Big Ben is for London what the Eiffel Tower is for Paris--a large world renowned landmark that every visitor to the city needs to see. Well, we saw it. From ground level to an overlook 450 feet high, we saw Big Ben on a clear and rainless evening. Our only clear evening, in fact. It was impressive, as was the entire city from that height.
How did we get so high? Why, the London eye, of course. The London Eye is a very large Ferris wheel installed on the south bank of the Thames just down from Parliament. Each of the enclosed capsules will fit up to 35 passengers for a single 20 minute loop. As you might imagine, from this height you can see all of central London and it was impressive. This is a must do if you have a clear evening the next time you visit London.
Noted for carrying "The finest toys available" Hamley's toy store in the West End of London is an impressive collection of toys. Seven floors of toys of every size and shape imaginable. From computer games to dolls, from Teddy Bears to costumes, Hamley's had a bit of everything.
One particularly noteworthy bit is The Bear Factory. As the name implies, this is where you can build a bear (or a tiger or an elephant, or...) You start by selecting a skin from a large collection of styles, colors, and furs. With the aide of a special machine and a helper, you then fill your new friend with stuffing. You can include a voice box at this point but they are rather large and loud and we did not see many people going this route. The next step in the process is to select and place inside your friend a red cloth heart. While a staff member sews your friend closed you decide on a name that is then typed onto a birth certificate. In our case, we now share our home with a pale brown bear born on the 30th and a striped tiger born on the 31st.
Or Horrid's, as Juli mispronounced it, is one of the most famous stores in the world. Filling one full large city block with six floors of displays, Harrods has the best of everything. Food, clothing, sporting equipment, toys, furniture, luxury clothing, jewelry, you name it and Harrods has it. The displays on each for are impeccable and the selection enormous. This is one-stop luxury shopping at its best.
No visit to London would be complete without attending a live play. The stages in London are as famous and well respected as Broadway, with quality shows running on every corner of the West End. Through a bit a good luck we managed to find a tickets for Chitty Chitty Bang Bang at the London Palladium Theater. Sold out for weeks in advance, we were lucky enough to find four open seats in a private box just adjacent to the stage.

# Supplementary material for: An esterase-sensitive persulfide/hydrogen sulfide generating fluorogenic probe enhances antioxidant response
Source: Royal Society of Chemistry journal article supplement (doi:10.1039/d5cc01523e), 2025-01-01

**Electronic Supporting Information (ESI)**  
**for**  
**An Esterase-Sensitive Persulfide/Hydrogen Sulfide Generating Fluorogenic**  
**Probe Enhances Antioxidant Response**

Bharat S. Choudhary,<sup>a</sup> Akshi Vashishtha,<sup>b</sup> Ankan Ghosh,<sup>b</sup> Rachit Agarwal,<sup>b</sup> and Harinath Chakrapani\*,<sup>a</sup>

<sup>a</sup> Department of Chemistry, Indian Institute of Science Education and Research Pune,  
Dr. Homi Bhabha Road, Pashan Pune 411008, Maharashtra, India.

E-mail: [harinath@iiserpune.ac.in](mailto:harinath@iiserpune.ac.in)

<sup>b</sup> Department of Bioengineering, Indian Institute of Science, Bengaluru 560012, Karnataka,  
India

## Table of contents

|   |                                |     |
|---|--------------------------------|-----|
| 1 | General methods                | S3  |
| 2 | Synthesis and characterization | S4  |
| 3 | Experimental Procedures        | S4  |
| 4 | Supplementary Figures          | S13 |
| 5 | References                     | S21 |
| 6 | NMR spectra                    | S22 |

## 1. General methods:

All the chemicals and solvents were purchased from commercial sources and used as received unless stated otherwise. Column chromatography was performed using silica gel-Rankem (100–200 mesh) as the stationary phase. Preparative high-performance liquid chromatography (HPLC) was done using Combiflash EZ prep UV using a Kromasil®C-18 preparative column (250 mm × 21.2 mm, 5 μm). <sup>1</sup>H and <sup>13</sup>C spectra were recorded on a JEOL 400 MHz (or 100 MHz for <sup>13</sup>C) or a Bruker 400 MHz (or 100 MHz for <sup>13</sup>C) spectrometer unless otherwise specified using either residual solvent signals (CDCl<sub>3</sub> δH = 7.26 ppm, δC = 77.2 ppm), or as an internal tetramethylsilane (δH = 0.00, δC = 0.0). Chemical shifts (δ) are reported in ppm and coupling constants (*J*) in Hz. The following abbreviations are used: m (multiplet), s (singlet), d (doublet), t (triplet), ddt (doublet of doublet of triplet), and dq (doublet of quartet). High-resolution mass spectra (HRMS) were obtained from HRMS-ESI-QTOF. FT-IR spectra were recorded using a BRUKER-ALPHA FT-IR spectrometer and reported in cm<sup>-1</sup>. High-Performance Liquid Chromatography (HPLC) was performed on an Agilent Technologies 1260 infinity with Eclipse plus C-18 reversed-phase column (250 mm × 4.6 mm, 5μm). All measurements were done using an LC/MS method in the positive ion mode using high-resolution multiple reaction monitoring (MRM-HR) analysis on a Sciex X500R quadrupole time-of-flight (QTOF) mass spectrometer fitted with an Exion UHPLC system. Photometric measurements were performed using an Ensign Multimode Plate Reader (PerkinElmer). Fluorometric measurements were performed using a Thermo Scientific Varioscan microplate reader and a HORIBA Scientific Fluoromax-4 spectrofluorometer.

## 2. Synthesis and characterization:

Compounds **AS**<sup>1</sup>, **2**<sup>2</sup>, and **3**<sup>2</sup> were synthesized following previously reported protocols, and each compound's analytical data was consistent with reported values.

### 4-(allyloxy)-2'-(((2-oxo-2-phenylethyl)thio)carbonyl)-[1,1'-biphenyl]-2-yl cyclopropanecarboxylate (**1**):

The stage show is an adaptation of the movie with most of the well loved songs as well as some new ones. One advantage of doing an adaptation was that they could adjust the script a bit and correct the inconsistencies of the film. No confusion between story telling and reality this time.
The star of the show was, of course, the wonderful car. Rising out of the floor and lifted on an almost invisible robotic arm, the car had all the tricks down pat. It could float, it could fly, and it could lift like a helicopter, even to the point of coming out over the first few rows of seating. Impressive.
We all enjoyed the singing and dancing and woke the next morning with the songs still on our lips. A well spent afternoon.
England has a reputation for some of the worst native cuisine in the world. If you are looking for high cuisine such as we have everywhere in France, this is probably correct. The national drink of England is beer and the local food goes well with beer. With this being said, we had several tasty meals of the more informal sort. Once a day we would stop into a pub and enjoy a quick and simple meal, especially the fish and chips. We also went out for a wonderful, yet still informal, Indian meal that really hit our craving for the spicier side of life. We did not have three course meals every night but we did not find that was a bad thing either.
So, what did we think of London? All in all, our impressions were positive and we certainly had a good time. There were negatives: too much rain, litter everywhere, no public trash cans, and outrageously expensive (you really do not want to know!). On the positive side the people were pleasant and helpful and the museums are some of the best in the world. Many, many thanks to our friend Bill for encouraging and supporting our visit to this very interesting city.